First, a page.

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Briley Lewis

1st-ever close-up photo of Mars' moon Deimos reveals the Red Planet's violent past

The smooth, gray moon Deimos hovers in front of the rocky red surface of Mars

The United Arab Emirates' Martian orbiter Hope just provided a striking new view of Deimos, one of Mars' two small moons. According to findings presented at the European Geosciences Union meeting this week, the observations from a flyby on March 10 indicate that Deimos is made of the same materials as Mars itself — suggesting the moon formed at the same time as Mars, and isn’t a captured asteroid, as some theories have proposed.

These observations revealed a never-before-seen perspective of Mars and Deimos. 

"Mars was in the background — and that was just mind-blowing, honestly," mission leader Hessa Al Matroushi, of the Mohammed Bin Rashid Space Centre in Dubai, told

Humanity has been exploring Mars for decades, but our probes mostly stayed close to the Red Planet's surface. Deimos is tidally locked with Mars, meaning the same side always faces the planet, so probes near Mars see only one side of the small moon, too — that is, until Hope arrived on the scene.

Deimos appears to be low in carbon, suggesting that it is not a captured asteroid, but an ancient piece of Mars itself. (Image credit: Emirates Mars Mission)

Also known as the Emirates Mars Mission (EMM), Hope launched in mid-2020 and arrived at Mars in early 2021. EMM is the first interplanetary spacecraft from an Arab nation, and it mainly investigated changes in the Martian atmosphere. Once the probe completed that primary mission, the EMM team decided to use the remaining extra propellant to boost the spacecraft into a higher orbit above Deimos, allowing the scientists to image the far side of the Martian moon in detail for the first time.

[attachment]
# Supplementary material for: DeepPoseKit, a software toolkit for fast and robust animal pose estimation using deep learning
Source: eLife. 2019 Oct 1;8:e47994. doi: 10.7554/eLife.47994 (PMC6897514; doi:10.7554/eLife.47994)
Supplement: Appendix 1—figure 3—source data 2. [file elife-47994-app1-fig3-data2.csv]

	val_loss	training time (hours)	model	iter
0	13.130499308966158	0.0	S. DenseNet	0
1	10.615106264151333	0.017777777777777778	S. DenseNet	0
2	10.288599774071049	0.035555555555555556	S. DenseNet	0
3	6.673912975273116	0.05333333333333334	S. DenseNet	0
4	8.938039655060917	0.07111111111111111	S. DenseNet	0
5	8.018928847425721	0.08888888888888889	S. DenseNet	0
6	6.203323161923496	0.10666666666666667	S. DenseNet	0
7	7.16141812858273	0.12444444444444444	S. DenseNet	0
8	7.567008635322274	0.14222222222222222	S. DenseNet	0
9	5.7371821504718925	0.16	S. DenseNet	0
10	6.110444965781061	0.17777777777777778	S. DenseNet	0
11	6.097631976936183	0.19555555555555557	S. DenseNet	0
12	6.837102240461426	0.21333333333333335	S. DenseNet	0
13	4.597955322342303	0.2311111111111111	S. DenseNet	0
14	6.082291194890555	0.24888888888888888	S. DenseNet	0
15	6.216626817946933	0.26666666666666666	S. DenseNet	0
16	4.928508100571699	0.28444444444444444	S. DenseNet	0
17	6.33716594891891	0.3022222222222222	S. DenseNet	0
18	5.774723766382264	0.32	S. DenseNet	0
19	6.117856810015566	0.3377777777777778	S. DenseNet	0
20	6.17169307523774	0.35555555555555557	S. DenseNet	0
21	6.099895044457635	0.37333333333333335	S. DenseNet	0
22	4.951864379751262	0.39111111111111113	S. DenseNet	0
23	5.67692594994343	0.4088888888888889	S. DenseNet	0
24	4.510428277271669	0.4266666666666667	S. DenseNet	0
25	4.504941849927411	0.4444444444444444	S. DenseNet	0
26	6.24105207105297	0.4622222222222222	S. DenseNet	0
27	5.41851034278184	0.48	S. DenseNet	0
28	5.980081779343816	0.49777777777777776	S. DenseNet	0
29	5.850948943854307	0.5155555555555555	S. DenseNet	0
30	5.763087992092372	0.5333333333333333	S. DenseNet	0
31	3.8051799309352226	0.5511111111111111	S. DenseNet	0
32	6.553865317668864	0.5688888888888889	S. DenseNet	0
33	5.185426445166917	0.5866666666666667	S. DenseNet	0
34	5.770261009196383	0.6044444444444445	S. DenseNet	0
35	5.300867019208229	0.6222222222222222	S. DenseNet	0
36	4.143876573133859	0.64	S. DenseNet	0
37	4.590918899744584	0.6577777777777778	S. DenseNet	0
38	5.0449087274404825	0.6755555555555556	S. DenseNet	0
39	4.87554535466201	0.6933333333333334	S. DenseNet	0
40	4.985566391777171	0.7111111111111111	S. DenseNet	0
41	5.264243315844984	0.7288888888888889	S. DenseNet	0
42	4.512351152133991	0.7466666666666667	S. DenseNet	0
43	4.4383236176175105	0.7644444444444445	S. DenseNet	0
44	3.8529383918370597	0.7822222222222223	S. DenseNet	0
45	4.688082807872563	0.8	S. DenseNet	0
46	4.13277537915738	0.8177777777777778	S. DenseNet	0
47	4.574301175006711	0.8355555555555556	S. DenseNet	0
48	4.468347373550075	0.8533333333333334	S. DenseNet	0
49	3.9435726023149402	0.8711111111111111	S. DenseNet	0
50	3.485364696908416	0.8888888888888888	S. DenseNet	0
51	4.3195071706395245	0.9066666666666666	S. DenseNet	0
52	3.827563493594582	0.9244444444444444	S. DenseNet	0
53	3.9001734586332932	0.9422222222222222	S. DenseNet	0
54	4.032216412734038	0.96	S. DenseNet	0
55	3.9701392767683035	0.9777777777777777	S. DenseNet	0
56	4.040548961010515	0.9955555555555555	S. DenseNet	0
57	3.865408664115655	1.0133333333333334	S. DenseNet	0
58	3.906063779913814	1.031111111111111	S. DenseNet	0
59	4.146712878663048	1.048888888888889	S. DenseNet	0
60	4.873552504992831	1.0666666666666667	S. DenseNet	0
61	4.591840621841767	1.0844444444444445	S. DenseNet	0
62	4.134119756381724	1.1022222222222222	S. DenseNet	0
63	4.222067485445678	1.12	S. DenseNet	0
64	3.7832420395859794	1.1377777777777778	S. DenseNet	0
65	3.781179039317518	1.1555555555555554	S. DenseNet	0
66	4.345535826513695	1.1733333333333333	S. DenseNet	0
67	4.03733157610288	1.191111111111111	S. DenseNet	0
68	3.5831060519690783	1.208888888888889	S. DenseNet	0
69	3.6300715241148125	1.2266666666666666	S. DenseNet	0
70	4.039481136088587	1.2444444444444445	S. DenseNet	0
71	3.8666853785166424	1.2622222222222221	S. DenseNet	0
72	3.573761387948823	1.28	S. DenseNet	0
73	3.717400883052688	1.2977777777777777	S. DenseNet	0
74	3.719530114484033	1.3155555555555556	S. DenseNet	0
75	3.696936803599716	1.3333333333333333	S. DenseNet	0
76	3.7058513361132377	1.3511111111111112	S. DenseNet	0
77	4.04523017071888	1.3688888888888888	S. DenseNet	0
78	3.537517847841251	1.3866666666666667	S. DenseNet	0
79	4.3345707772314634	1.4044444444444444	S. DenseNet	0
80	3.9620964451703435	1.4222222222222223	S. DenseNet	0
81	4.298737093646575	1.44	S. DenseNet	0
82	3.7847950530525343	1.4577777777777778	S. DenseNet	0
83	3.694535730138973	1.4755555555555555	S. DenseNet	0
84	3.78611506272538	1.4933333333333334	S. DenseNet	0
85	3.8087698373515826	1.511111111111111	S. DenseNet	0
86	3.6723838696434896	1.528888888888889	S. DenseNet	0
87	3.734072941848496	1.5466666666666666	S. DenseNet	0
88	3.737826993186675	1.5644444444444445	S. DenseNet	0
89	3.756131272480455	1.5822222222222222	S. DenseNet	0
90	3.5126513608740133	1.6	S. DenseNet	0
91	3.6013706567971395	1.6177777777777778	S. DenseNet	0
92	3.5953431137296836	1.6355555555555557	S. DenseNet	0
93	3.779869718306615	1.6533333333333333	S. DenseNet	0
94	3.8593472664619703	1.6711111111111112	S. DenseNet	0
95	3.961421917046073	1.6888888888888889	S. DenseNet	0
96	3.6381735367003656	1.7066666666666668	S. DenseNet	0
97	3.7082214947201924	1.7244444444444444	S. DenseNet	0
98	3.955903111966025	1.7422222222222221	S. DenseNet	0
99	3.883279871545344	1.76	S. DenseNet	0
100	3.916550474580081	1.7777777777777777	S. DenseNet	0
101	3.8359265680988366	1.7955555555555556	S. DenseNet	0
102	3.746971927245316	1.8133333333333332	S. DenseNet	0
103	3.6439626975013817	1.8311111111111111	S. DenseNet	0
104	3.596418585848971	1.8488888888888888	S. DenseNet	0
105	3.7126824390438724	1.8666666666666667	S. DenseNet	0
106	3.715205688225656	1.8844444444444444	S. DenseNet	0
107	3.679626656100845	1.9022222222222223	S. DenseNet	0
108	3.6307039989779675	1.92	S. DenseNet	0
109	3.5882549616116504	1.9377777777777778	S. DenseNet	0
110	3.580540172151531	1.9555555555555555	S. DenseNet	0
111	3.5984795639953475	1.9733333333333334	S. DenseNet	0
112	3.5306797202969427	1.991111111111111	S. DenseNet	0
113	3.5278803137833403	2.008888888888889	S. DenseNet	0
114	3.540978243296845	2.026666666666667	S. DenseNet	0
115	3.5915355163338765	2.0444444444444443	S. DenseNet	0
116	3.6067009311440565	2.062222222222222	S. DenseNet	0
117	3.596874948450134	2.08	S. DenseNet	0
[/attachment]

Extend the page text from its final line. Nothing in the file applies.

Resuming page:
Images from Hope's first Deimos flyby revealed the tiny moon — which is only 7.7 miles (12.4 kilometers) wide, or about half the length of Manhattan, New York — in multiple wavelengths from ultraviolet to infrared. Deimos appeared relatively similar at various wavelengths, indicating that it consists of Mars-like material instead of the usual carbon-rich stuff of asteroids. 

"If there were carbon or organics, we would see spikes in specific wavelengths," Al Matroushi added. 

This is surprising, as scientists often considered Deimos a captured asteroid. Instead, it seems like a chunk of Mars itself, perhaps broken off in a long-ago collision. Earth's moon is thought to have formed from a similar collision, billions of years ago — perhaps giving our planet one more thing in common with its rocky red neighbor.

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